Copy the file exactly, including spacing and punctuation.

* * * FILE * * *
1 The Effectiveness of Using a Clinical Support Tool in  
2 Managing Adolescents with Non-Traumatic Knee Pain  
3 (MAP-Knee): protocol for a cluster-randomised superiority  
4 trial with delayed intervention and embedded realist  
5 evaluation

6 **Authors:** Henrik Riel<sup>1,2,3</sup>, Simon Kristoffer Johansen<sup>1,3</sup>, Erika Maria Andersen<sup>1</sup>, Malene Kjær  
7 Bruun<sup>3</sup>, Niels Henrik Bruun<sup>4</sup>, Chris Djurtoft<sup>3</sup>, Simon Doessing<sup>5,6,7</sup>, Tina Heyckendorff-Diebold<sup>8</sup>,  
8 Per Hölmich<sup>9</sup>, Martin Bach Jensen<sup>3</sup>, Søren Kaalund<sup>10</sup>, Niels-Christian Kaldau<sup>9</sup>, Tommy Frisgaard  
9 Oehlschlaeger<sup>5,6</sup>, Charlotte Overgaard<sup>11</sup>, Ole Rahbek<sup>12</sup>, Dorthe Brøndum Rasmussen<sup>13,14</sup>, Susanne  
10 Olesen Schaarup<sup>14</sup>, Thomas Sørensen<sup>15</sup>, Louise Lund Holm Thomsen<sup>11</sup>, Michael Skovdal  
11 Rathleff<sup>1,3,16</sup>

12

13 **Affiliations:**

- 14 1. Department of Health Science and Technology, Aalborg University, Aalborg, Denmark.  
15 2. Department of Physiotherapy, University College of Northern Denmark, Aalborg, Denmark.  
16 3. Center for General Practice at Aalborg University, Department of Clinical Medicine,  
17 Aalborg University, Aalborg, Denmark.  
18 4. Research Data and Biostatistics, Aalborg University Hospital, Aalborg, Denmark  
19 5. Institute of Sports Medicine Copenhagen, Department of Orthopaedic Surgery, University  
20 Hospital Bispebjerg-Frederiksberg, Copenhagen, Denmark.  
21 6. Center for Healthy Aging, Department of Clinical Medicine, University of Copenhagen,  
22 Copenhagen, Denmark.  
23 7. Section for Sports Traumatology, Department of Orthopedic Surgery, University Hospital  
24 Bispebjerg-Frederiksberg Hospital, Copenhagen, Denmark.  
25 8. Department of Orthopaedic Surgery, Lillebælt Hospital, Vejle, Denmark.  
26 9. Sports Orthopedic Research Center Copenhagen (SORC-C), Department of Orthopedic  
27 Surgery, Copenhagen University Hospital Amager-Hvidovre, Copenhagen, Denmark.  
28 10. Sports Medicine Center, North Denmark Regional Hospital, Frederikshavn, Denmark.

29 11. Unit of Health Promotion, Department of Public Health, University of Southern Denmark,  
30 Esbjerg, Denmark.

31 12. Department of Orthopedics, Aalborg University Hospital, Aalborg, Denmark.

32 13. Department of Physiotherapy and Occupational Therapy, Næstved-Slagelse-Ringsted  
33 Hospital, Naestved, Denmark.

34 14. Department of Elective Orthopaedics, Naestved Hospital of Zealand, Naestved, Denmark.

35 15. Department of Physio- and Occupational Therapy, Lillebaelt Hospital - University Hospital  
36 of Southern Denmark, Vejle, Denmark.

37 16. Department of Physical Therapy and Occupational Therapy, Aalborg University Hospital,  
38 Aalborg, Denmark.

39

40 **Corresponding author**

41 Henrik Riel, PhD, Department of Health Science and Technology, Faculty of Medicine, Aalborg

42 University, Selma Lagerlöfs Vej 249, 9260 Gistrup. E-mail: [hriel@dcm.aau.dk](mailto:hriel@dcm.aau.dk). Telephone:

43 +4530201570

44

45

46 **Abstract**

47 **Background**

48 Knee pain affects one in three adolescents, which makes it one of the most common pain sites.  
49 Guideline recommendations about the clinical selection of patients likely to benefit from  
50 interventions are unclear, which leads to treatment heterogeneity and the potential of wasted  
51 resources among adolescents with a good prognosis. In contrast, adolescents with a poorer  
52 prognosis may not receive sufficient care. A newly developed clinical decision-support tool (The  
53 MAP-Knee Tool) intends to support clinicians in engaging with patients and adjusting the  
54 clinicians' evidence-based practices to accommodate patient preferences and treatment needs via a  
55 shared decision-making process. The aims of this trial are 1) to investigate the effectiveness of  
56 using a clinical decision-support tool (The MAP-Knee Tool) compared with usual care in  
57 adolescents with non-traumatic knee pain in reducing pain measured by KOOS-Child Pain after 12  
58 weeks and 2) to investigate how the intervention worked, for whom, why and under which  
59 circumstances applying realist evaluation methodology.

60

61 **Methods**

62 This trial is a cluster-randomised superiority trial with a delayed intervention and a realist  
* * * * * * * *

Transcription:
1 The Effectiveness of Using a Clinical Support Tool in  
2 Managing Adolescents with Non-Traumatic Knee Pain  
3 (MAP-Knee): protocol for a cluster-randomised superiority  
4 trial with delayed intervention and embedded realist  
5 evaluation

6 **Authors:** Henrik Riel<sup>1,2,3</sup>, Simon Kristoffer Johansen<sup>1,3</sup>, Erika Maria Andersen<sup>1</sup>, Malene Kjær  
7 Bruun<sup>3</sup>, Niels Henrik Bruun<sup>4</sup>, Chris Djurtoft<sup>3</sup>, Simon Doessing<sup>5,6,7</sup>, Tina Heyckendorff-Diebold<sup>8</sup>,  
8 Per Hölmich<sup>9</sup>, Martin Bach Jensen<sup>3</sup>, Søren Kaalund<sup>10</sup>, Niels-Christian Kaldau<sup>9</sup>, Tommy Frisgaard  
9 Oehlschlaeger<sup>5,6</sup>, Charlotte Overgaard<sup>11</sup>, Ole Rahbek<sup>12</sup>, Dorthe Brøndum Rasmussen<sup>13,14</sup>, Susanne  
10 Olesen Schaarup<sup>14</sup>, Thomas Sørensen<sup>15</sup>, Louise Lund Holm Thomsen<sup>11</sup>, Michael Skovdal  
11 Rathleff<sup>1,3,16</sup>

12

13 **Affiliations:**

- 14 1. Department of Health Science and Technology, Aalborg University, Aalborg, Denmark.  
15 2. Department of Physiotherapy, University College of Northern Denmark, Aalborg, Denmark.  
16 3. Center for General Practice at Aalborg University, Department of Clinical Medicine,  
17 Aalborg University, Aalborg, Denmark.  
18 4. Research Data and Biostatistics, Aalborg University Hospital, Aalborg, Denmark  
19 5. Institute of Sports Medicine Copenhagen, Department of Orthopaedic Surgery, University  
20 Hospital Bispebjerg-Frederiksberg, Copenhagen, Denmark.  
21 6. Center for Healthy Aging, Department of Clinical Medicine, University of Copenhagen,  
22 Copenhagen, Denmark.  
23 7. Section for Sports Traumatology, Department of Orthopedic Surgery, University Hospital  
24 Bispebjerg-Frederiksberg Hospital, Copenhagen, Denmark.  
25 8. Department of Orthopaedic Surgery, Lillebælt Hospital, Vejle, Denmark.  
26 9. Sports Orthopedic Research Center Copenhagen (SORC-C), Department of Orthopedic  
27 Surgery, Copenhagen University Hospital Amager-Hvidovre, Copenhagen, Denmark.  
28 10. Sports Medicine Center, North Denmark Regional Hospital, Frederikshavn, Denmark.

29 11. Unit of Health Promotion, Department of Public Health, University of Southern Denmark,  
30 Esbjerg, Denmark.

31 12. Department of Orthopedics, Aalborg University Hospital, Aalborg, Denmark.

32 13. Department of Physiotherapy and Occupational Therapy, Næstved-Slagelse-Ringsted  
33 Hospital, Naestved, Denmark.

34 14. Department of Elective Orthopaedics, Naestved Hospital of Zealand, Naestved, Denmark.

35 15. Department of Physio- and Occupational Therapy, Lillebaelt Hospital - University Hospital  
36 of Southern Denmark, Vejle, Denmark.

37 16. Department of Physical Therapy and Occupational Therapy, Aalborg University Hospital,  
38 Aalborg, Denmark.

39

40 **Corresponding author**

41 Henrik Riel, PhD, Department of Health Science and Technology, Faculty of Medicine, Aalborg

42 University, Selma Lagerlöfs Vej 249, 9260 Gistrup. E-mail: [hriel@dcm.aau.dk](mailto:hriel@dcm.aau.dk). Telephone:

43 +4530201570

44

45

46 **Abstract**

47 **Background**

48 Knee pain affects one in three adolescents, which makes it one of the most common pain sites.  
49 Guideline recommendations about the clinical selection of patients likely to benefit from  
50 interventions are unclear, which leads to treatment heterogeneity and the potential of wasted  
51 resources among adolescents with a good prognosis. In contrast, adolescents with a poorer  
52 prognosis may not receive sufficient care. A newly developed clinical decision-support tool (The  
53 MAP-Knee Tool) intends to support clinicians in engaging with patients and adjusting the  
54 clinicians' evidence-based practices to accommodate patient preferences and treatment needs via a  
55 shared decision-making process. The aims of this trial are 1) to investigate the effectiveness of  
56 using a clinical decision-support tool (The MAP-Knee Tool) compared with usual care in  
57 adolescents with non-traumatic knee pain in reducing pain measured by KOOS-Child Pain after 12  
58 weeks and 2) to investigate how the intervention worked, for whom, why and under which  
59 circumstances applying realist evaluation methodology.

60

61 **Methods**

62 This trial is a cluster-randomised superiority trial with a delayed intervention and a realist  